The Gusztavian People's Republic, or People's Republic of Gusztavia (Gusztav Nepkoztarsasag) is the official state name of Gusztavia. Gusztavia a landlocked country in the Carpathian Basin of Central Europe, the Gusztava being an ethnic group closely related to the Magyar. The official language is Hungarian (also known as Magyar), which forms part of the Finno-Ugric family. It is one of the four official languages of Europe that is not of Indo-European origin.
Following a Celtic (after c. 450 BC) and a Roman (9 BC - c. 4th century) period, the foundation of Gusztavia was laid in the late Ninth Century by the Magyar-Gusztav chieftain Árpádial, whose great grandson Istvánia ascended to the throne with a crown sent from Roma in 1000. The Kingdom of Gusztavia existed with minor interruptions for 946 years, and at various points was regarded as one of the cultural centers of the Western world. It was succeeded by the current communist regime.
It is currently under the de-facto rule of the Communists, ever since several a military coup d'état (commonly called 'the revolution') was led by Melik Zebestyen, the later General Secretary of the Gusztavian Communist Party.
The government has since faced growing opposition to harsh economic and political policies. Communism has since been challenged by the people, who demanded freedom, democracy, and an end to political oppression, but they were forced into submission after the implementation of brutal Stalinist-like repression.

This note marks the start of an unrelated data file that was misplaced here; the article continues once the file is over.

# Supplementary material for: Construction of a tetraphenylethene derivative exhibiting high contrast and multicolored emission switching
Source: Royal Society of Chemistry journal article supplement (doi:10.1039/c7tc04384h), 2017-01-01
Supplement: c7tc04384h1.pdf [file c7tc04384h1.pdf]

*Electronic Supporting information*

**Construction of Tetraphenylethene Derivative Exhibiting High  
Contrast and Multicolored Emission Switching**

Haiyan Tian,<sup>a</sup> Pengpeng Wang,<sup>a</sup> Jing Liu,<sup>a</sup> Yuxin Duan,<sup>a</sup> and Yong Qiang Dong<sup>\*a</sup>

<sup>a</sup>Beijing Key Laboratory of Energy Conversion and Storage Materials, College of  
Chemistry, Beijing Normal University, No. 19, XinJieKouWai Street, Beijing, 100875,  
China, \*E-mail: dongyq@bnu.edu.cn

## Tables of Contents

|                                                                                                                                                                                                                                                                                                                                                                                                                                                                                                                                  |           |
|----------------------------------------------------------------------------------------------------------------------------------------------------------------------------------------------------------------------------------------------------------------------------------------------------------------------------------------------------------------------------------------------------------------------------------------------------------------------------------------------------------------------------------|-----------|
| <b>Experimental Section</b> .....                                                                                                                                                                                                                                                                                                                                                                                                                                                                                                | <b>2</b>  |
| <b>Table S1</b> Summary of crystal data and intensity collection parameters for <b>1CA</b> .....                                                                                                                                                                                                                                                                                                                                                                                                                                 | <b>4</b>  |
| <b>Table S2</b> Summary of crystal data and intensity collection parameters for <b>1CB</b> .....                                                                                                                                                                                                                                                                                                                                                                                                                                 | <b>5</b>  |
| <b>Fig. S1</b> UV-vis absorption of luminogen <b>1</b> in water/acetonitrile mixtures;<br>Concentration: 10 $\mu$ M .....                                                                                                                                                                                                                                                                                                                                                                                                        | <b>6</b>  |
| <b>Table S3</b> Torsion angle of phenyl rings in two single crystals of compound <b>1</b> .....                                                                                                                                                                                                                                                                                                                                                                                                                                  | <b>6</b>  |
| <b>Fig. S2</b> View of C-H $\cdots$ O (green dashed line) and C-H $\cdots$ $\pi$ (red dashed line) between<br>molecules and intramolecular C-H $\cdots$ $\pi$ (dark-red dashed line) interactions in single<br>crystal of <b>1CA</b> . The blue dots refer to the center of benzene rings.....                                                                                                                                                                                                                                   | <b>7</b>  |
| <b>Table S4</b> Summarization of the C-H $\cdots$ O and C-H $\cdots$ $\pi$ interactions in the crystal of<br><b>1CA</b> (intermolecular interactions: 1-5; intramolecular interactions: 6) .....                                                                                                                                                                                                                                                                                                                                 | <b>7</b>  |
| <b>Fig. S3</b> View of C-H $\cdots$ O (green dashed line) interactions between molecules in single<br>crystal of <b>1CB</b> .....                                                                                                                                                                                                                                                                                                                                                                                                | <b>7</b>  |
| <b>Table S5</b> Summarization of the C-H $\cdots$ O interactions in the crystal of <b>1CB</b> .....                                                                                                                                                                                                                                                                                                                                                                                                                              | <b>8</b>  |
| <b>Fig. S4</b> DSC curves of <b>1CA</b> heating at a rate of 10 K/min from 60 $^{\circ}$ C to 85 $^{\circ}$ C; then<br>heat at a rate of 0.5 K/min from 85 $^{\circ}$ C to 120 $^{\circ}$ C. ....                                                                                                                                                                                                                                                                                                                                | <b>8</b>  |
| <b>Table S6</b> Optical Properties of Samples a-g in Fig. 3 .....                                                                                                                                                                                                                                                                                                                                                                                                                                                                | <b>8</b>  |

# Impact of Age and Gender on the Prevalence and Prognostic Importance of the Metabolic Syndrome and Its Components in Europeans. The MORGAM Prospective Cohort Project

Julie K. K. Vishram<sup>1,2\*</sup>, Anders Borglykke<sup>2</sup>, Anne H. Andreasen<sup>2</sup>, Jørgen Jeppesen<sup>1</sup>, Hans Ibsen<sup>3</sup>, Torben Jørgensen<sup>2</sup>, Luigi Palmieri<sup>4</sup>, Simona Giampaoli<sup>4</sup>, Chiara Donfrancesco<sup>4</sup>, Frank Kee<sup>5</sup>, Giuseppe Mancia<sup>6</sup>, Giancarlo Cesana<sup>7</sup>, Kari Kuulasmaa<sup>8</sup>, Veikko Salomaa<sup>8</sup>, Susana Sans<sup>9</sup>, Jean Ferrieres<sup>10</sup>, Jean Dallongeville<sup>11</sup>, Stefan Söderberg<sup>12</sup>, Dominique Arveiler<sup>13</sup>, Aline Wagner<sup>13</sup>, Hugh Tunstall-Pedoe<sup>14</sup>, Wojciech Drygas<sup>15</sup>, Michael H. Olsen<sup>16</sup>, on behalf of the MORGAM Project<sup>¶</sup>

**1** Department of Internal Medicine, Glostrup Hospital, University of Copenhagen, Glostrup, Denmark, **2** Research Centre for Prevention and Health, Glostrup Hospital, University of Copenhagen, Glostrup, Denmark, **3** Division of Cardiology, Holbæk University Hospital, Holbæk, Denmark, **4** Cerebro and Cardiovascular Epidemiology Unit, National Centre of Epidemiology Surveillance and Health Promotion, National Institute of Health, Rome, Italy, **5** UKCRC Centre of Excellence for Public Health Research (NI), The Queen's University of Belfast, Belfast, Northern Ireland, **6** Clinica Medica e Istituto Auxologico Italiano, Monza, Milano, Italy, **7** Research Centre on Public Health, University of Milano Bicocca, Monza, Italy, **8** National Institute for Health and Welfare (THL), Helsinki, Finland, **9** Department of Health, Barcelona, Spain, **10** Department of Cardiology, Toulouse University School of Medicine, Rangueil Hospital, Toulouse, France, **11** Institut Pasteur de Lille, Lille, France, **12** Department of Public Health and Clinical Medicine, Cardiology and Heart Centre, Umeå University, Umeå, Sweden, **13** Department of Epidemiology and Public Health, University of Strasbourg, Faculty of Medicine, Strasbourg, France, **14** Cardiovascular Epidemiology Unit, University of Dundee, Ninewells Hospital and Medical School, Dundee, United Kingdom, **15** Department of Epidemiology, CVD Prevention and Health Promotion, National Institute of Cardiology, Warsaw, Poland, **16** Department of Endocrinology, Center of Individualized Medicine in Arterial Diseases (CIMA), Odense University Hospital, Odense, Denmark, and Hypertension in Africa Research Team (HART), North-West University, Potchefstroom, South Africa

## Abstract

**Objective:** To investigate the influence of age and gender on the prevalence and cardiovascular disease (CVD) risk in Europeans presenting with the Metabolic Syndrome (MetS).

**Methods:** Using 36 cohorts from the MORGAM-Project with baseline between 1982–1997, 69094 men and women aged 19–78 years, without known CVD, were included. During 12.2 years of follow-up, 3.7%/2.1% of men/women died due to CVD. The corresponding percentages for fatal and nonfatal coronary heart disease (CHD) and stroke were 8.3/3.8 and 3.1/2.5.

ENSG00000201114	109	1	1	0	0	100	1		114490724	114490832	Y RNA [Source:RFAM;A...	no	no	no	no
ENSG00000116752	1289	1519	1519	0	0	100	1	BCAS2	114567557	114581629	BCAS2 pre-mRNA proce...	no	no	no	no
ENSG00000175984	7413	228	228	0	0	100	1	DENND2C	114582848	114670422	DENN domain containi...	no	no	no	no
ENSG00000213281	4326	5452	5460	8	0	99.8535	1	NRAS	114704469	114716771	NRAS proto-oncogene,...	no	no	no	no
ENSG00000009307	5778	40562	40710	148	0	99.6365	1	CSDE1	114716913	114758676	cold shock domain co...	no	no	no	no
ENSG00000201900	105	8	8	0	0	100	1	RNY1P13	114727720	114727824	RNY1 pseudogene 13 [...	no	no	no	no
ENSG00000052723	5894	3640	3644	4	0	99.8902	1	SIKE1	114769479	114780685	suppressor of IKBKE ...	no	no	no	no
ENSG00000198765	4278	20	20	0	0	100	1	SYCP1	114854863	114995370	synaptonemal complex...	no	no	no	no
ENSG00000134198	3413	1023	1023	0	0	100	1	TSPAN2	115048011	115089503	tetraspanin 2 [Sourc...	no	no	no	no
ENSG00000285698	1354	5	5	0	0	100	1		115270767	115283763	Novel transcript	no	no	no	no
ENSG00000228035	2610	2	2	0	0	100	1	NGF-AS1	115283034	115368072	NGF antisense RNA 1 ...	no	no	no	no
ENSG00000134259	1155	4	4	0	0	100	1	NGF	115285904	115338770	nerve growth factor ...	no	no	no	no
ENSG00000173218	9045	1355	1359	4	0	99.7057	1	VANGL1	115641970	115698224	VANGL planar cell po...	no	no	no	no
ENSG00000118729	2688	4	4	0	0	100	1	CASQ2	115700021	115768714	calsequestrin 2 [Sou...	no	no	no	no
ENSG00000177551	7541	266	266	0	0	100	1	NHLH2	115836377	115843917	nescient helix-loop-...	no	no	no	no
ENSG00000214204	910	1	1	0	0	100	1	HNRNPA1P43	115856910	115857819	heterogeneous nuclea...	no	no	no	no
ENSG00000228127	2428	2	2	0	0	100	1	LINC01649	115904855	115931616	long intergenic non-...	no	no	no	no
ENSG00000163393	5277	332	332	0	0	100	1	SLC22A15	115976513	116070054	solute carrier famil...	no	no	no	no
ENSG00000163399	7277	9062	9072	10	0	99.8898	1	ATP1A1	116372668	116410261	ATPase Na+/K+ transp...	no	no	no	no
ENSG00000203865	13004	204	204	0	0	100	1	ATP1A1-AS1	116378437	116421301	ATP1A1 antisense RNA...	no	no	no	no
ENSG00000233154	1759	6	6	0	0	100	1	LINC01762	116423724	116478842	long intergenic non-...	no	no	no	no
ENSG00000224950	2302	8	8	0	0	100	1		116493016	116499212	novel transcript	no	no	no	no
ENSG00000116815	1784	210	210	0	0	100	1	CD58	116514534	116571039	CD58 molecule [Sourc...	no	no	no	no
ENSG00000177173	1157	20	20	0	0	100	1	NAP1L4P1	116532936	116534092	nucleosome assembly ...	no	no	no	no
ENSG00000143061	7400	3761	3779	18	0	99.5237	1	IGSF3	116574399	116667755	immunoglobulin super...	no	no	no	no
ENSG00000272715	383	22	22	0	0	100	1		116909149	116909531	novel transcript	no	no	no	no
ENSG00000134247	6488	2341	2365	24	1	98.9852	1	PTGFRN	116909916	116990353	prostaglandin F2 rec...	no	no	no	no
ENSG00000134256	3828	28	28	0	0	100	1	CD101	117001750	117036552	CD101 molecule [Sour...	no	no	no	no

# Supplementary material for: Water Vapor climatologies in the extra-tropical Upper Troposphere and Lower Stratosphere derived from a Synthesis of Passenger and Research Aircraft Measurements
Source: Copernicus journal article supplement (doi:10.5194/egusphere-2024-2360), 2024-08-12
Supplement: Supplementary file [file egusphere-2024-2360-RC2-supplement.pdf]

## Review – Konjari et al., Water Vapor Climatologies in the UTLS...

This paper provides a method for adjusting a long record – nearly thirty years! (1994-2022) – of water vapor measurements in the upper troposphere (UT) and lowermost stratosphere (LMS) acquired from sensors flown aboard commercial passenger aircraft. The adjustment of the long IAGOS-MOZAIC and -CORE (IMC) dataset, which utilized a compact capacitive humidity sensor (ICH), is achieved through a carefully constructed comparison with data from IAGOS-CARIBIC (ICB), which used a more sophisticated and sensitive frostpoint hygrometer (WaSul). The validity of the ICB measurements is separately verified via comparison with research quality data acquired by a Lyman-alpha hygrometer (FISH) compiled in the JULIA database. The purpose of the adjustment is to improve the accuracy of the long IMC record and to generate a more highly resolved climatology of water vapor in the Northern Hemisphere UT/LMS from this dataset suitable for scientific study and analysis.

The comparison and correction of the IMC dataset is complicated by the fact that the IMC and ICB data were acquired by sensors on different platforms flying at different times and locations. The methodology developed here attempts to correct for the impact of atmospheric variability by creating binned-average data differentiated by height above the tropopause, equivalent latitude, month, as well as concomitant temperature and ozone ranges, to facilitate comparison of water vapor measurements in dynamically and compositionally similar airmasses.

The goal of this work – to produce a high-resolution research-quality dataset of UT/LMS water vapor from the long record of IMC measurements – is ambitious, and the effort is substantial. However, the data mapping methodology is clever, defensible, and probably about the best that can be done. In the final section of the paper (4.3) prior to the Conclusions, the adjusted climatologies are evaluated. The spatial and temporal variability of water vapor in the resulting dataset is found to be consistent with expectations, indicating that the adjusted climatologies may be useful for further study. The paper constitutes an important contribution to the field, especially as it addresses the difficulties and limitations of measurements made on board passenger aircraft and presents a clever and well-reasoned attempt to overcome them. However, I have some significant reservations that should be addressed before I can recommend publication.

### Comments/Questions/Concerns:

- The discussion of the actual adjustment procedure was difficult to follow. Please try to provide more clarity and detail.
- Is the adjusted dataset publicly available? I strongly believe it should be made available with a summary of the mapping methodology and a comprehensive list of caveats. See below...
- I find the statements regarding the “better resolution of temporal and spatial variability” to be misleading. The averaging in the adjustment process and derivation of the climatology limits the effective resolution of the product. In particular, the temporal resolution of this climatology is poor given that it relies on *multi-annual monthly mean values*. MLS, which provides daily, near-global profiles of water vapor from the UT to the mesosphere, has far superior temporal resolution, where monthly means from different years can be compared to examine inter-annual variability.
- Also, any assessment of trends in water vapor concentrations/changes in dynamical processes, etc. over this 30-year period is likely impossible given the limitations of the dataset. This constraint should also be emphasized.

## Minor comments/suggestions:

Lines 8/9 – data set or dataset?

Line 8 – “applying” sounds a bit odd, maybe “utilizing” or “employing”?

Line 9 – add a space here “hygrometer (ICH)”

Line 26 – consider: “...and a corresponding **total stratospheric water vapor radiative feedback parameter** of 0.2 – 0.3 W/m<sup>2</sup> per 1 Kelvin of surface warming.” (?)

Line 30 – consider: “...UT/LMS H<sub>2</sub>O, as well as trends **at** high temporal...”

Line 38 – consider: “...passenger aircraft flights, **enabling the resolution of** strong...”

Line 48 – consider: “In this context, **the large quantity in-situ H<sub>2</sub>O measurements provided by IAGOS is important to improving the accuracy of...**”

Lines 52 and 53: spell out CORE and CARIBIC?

Zebestyen soon after developed a strong cult of personality around himself. An imitator of Stalinist political and economic programs, Zebestyen was dubbed the “bald murderer,” Gusztavia experiences one of the harshest dictatorships in Europe. Many officials and intellectuals were subsequently purged. Zebestyen imposed totalitarian rule on Gusztavia — arresting, jailing and killing both real and imagined foes in various waves of Stalin-inspired political purges – as the country went into decline.
Gusztavia is a one party state. The country's government styles itself as following the strict Stalinist line, further developed by Melik Zebestyen as the self-styled 'New Economic Mechanism'. Melik Zebestyen is absolute ruler of Gusztavia, using the office of General Secretary of the party. Relations are strongest with other officially socialist states, but since it's revolution the country was turned inwards and becoming increasingly isolationist, joining the neutral GPA. The country has since embarked on a policy of rapid industrialization, causing shortages of basic goods and even famine, as well as a ferocious campaign of repressing dissent.
Repressive Laws Edit
Since consolidating power, Zebestyen quickly issued a series of decrees intended to secure the power of the communist system.
All private newspapers and independent journalists, TV programs and stations and Radio broadcasts were banned and eliminated. Dissidents were rounded up and arrested. All ‘traitors’ who previously fled the nation were given an ultimatum by the government, leave the country again or be arrested. Cars were banned temporarily and bicycles were restricted to loyal citizens. Contact with all foreigners was made Illegal and punishable by imprisonment of 2 weeks and a fine of 500 Rubles. Foreign transmissions into the country were blocked by placing broadcast towers around the boarder that scramble outside frequencies. Radio was limited down to 2 hours per day and it was put under state control. Western items were collected by the State and destroyed.